One year after 19 children and two teachers were killed at Robb Elementary School in Uvalde, Texas, the struggle to pass gun reform in the US continues, with shootings remaining a daily threat.
Nowhere have activist efforts been so fraught as in Texas itself, where the Republican hold on the state legislature has frustrated families of Uvalde shooting victims pushing for more gun control.
“The Texas legislature has refused to do what I think the public in large part has been demanding them to do, which is to take responsible action,” said Christian Heyne, vice president of policy at Brady United, a gun control advocacy organisation.
There appeared to be a glimmer of hope earlier this month when two Republicans broke ranks with their party to advance a bill to raise the minimum age to purchase semi-automatic firearms from 18 to 21. But hopes were soon dashed after a key deadline was missed.
The bill is not expected to pass.
“This isn’t over. We will regroup, re-strategise and come back stronger,” tweeted Kimberly Mata-Rubio, whose 10-year-old daughter Alexandria Aniyah Rubio was killed in the Uvalde shooting.
Brett Cross, whose son Uziyah Garcia was also killed in the shooting, was thrown out of the state capitol for being disruptive during the session in which the deadline for the bill passed.
“The issue is, while Uziyah's voice may have been eternally muted, mine will not,” he said in a statement.
The bill “may have died, but our hope has not”, he said.
Polling conducted by the Texas Politics Project shows that a majority of voters in the state support raising the legal age to purchase a firearm.
“Look at the juxtaposition, of the courage that these families who have lost everything who are in mourning … fighting day in and day out, getting kicked out of the legislature trying to fight for these policies to protect future children,” Mr Heyne said.
For now, the prospect for gun reform in Texas appears bleak.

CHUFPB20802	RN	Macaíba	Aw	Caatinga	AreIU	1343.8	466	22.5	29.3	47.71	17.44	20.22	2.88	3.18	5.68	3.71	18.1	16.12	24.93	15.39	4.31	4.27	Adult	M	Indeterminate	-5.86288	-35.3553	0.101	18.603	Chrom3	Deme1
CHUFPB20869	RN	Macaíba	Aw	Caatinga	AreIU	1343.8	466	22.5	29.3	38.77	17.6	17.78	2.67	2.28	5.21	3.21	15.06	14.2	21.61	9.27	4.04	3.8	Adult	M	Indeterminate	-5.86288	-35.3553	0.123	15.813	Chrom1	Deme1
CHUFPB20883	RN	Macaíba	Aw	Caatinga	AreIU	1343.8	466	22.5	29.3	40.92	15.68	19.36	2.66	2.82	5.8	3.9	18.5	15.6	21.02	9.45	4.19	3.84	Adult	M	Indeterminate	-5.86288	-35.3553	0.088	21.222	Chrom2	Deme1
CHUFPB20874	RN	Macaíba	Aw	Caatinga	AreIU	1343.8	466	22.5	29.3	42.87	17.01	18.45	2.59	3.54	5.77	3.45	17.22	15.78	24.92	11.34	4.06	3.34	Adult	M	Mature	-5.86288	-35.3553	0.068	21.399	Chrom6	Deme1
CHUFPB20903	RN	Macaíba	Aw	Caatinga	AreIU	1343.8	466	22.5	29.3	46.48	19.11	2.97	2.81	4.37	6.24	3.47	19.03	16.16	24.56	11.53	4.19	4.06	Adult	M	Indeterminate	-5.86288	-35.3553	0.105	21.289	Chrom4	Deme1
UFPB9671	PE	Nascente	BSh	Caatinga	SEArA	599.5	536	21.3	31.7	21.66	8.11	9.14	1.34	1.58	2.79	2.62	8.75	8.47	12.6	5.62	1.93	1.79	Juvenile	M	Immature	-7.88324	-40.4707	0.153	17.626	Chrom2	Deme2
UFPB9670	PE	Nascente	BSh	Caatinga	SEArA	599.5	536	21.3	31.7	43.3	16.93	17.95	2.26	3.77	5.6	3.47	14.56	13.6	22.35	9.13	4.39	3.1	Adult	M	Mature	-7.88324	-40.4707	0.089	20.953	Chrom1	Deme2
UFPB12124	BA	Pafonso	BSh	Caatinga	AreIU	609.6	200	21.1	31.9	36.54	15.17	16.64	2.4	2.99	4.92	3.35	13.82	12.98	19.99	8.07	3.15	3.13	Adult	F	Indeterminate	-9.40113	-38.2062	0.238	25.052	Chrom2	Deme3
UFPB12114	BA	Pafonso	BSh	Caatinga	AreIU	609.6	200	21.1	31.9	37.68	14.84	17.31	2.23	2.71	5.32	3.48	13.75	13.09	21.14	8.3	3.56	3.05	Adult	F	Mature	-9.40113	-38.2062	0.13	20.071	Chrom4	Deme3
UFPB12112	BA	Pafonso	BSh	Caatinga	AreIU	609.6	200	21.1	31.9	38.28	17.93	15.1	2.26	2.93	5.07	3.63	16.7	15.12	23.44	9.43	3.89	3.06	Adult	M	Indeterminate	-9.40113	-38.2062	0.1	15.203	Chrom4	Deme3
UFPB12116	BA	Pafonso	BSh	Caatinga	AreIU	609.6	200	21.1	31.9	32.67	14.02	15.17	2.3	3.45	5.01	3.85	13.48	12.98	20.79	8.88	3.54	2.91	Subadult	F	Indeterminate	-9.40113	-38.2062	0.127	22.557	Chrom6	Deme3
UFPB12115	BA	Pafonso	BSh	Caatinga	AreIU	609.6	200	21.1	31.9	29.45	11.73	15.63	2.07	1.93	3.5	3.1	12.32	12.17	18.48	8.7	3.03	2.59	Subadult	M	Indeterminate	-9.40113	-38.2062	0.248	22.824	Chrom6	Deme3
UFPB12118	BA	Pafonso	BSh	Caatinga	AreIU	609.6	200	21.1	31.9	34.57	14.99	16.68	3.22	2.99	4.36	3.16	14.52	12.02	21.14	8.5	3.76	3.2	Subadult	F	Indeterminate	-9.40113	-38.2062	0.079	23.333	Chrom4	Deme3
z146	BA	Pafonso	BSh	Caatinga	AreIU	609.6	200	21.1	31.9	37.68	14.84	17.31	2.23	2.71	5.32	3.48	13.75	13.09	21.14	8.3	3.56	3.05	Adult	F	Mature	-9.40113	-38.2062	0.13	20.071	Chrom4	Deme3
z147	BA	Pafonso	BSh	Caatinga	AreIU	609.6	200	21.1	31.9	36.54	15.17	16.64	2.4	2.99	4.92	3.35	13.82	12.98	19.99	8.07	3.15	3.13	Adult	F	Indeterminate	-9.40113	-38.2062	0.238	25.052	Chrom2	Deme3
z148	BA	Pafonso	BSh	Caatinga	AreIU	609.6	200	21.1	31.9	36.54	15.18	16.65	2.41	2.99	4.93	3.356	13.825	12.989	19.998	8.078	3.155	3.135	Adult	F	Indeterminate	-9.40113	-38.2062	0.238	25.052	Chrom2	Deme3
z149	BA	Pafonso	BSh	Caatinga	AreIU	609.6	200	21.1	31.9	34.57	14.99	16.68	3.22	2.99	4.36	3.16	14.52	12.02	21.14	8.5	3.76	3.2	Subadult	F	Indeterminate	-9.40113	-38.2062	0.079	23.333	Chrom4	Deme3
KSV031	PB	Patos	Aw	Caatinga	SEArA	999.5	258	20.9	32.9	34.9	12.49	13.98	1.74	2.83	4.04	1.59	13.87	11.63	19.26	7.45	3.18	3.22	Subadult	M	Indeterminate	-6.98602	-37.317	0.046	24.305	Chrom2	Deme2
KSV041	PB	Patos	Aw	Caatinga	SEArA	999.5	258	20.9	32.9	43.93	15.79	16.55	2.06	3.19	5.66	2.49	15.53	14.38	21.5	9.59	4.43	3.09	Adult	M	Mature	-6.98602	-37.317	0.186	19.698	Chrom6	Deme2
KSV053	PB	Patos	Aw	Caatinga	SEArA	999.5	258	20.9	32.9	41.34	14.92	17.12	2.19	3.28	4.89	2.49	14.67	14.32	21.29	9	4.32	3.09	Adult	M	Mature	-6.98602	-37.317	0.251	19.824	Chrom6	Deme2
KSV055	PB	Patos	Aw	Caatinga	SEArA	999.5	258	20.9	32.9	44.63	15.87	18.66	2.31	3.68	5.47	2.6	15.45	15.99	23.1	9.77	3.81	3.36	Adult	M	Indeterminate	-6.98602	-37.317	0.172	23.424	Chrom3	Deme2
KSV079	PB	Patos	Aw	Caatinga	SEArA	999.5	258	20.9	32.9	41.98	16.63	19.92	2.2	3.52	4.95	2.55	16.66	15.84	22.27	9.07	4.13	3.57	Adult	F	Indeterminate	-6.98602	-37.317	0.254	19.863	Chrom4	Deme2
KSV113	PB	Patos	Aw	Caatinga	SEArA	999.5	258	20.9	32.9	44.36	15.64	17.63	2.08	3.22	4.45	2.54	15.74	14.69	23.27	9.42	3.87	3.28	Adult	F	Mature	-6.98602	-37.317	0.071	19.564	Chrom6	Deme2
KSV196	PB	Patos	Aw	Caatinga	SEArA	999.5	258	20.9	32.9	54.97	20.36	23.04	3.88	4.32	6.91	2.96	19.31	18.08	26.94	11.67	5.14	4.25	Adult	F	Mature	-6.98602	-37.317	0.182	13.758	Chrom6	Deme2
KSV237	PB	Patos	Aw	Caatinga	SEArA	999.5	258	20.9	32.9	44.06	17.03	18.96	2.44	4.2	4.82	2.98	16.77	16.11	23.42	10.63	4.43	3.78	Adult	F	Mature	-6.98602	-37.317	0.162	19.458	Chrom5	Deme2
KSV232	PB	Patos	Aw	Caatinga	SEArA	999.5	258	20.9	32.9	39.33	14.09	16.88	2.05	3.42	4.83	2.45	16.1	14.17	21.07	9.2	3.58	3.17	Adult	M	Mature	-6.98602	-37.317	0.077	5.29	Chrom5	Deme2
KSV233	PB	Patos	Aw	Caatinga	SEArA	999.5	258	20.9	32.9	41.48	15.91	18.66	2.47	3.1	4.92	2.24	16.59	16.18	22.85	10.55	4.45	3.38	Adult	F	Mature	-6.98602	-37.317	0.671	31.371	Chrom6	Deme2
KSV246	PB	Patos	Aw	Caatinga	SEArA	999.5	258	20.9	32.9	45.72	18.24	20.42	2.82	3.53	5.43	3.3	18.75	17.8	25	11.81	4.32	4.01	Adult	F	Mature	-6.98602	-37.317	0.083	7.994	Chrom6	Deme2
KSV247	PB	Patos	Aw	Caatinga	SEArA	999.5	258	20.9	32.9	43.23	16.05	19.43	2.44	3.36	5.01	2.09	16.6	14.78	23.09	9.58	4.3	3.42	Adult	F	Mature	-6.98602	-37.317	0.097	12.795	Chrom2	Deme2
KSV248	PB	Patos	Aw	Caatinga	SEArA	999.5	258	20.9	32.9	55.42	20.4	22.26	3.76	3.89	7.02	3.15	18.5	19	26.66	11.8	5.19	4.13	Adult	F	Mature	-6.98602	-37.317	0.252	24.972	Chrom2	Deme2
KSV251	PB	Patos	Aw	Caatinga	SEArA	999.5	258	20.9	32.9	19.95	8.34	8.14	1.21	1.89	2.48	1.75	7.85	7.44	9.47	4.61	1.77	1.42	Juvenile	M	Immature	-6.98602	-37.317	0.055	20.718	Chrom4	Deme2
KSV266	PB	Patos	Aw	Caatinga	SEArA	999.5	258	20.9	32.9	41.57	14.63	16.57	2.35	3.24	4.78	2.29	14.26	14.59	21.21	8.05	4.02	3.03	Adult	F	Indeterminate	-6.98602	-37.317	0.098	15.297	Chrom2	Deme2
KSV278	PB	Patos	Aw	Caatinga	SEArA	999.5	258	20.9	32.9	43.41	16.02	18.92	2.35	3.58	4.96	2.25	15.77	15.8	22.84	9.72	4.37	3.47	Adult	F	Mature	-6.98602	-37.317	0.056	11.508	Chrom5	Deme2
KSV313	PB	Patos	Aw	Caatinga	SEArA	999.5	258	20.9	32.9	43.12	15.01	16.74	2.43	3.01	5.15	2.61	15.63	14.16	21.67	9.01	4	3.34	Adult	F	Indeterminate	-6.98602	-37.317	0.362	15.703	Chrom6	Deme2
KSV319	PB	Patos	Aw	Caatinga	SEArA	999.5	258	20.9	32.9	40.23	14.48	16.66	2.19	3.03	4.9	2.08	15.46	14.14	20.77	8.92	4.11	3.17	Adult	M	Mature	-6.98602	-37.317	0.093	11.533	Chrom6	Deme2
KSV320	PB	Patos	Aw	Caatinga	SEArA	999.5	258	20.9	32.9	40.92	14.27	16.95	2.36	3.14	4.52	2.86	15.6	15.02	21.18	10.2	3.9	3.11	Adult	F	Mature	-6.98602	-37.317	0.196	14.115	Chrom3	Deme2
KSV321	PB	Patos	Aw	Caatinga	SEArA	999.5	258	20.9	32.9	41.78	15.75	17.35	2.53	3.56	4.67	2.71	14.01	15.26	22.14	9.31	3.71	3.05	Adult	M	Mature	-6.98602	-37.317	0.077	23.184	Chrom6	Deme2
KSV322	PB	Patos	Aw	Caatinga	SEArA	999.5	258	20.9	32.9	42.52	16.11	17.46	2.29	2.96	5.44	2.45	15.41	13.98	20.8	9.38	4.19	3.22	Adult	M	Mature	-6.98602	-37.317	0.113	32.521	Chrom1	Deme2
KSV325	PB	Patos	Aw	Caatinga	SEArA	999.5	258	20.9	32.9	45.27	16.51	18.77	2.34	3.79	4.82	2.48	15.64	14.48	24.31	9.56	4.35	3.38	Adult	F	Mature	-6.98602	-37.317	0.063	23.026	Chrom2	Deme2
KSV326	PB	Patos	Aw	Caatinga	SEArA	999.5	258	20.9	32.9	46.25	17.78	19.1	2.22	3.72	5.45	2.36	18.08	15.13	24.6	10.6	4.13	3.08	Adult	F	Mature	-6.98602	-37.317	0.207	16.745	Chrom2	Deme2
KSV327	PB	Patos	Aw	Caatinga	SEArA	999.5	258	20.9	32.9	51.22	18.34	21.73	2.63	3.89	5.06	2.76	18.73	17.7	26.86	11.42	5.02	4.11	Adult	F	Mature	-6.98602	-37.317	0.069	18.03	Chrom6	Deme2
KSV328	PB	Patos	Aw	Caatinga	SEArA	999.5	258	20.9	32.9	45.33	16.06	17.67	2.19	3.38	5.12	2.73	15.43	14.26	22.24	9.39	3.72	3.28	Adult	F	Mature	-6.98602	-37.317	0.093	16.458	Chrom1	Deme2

But Mr Heyne points to gun laws passed in Virginia, years after a 2007 university shooting, as an example that activists can push for in Texas.
Activists saw such a victory when Texas state legislators passed a bill that would send juvenile mental health cases to the state's public safety department – a step that could improve federal background checks.
“I think that there's a road map there that we should pay attention to as Texas continues to get … incremental victories that eventually change the politics of the state,” he said.
As debate continues, shootings proliferate
The mass shooting at Uvalde was part of a series of massacres in the US last year. It occurred right as federal lawmakers were grappling with how to respond to a racist-inspired attack at a supermarket in Buffalo, New York.
As these debates continued in Washington and across the US, the country still experienced an alarming rate of shootings.
"Too many schools, too many everyday places have become killing fields in communities across America," US President Joe Biden said in remarks from the White House on Wednesday.
The US is projected to experience more than 600 mass shootings this year after 647 were reported last year, data from the Gun Violence Archives showed.
These mass shootings include Highland Park, Virginia Beach, Colorado Springs, Nashville, Louisville, New Mexico and hundreds more as well as thousands of everyday instances of gun violence.
Mr Biden has used his authority to enact a series of executive actions, negotiate with Congress on a bipartisan gun control bill and call for stronger laws.
"Do something for God's sake, please do something," Mr Biden said as he stood in front of 21 lit candles, each one a symbol of a person killed in the Uvalde massacre.
"We did something afterwards. But not nearly enough."
Inroads made in several states
In response to the Nashville shooting, Republican Tennessee Governor Bill Lee threw his support behind a bill that would remove firearms from people considered to be dangerous to themselves or others.
The governor, who also signed a law that protects gun manufacturers, is pushing for the state legislature to pass the “order of protection” law before finishing the current session on May 28.
“Tennesseans are asking us to set aside politics and personal pride. They are depending on us to do the right thing,” he said.
“We owe Tennesseans a vote.”
Inroads are being made elsewhere across the US, mainly in Democratic-led states.
The most significant pieces of reform have come out of Washington state, which became the 10th in the country to pass a ban on most assault-style weapons such as the AR-15, the weapon of choice for mass shootings.
Other states such as Colorado, Michigan and Minnesota have passed a series of gun safety laws expanding background checks and keeping firearms out of the hands of people deemed dangerous.
Maryland and Hawaii have also passed laws restricting access to guns in certain areas, although the National Rifle Association is challenging Maryland in court.
“I think that a number of states are going above and beyond and really acting courageously in preventing gun violence,” Mr Heyne said.